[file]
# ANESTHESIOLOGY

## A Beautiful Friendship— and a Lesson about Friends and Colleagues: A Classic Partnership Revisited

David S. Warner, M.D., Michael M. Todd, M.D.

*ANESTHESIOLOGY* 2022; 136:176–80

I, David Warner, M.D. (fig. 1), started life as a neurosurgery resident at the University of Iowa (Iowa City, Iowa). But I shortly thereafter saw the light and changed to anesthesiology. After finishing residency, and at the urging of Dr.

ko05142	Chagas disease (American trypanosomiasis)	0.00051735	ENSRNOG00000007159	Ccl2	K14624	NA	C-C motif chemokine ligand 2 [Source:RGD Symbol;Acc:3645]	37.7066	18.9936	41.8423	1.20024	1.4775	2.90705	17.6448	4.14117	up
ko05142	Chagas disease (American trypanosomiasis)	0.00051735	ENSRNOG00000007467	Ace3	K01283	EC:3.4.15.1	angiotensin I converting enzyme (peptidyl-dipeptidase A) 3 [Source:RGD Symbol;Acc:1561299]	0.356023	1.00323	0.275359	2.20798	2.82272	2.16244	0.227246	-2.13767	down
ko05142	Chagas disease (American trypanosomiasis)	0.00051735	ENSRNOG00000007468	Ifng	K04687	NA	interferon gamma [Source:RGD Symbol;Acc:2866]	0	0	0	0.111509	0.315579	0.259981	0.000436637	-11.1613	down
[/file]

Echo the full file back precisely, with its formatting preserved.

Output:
# ANESTHESIOLOGY

## A Beautiful Friendship— and a Lesson about Friends and Colleagues: A Classic Partnership Revisited

David S. Warner, M.D., Michael M. Todd, M.D.

*ANESTHESIOLOGY* 2022; 136:176–80

I, David Warner, M.D. (fig. 1), started life as a neurosurgery resident at the University of Iowa (Iowa City, Iowa). But I shortly thereafter saw the light and changed to anesthesiology. After finishing residency, and at the urging of Dr.

ko05142	Chagas disease (American trypanosomiasis)	0.00051735	ENSRNOG00000007159	Ccl2	K14624	NA	C-C motif chemokine ligand 2 [Source:RGD Symbol;Acc:3645]	37.7066	18.9936	41.8423	1.20024	1.4775	2.90705	17.6448	4.14117	up
ko05142	Chagas disease (American trypanosomiasis)	0.00051735	ENSRNOG00000007467	Ace3	K01283	EC:3.4.15.1	angiotensin I converting enzyme (peptidyl-dipeptidase A) 3 [Source:RGD Symbol;Acc:1561299]	0.356023	1.00323	0.275359	2.20798	2.82272	2.16244	0.227246	-2.13767	down
ko05142	Chagas disease (American trypanosomiasis)	0.00051735	ENSRNOG00000007468	Ifng	K04687	NA	interferon gamma [Source:RGD Symbol;Acc:2866]	0	0	0	0.111509	0.315579	0.259981	0.000436637	-11.1613	down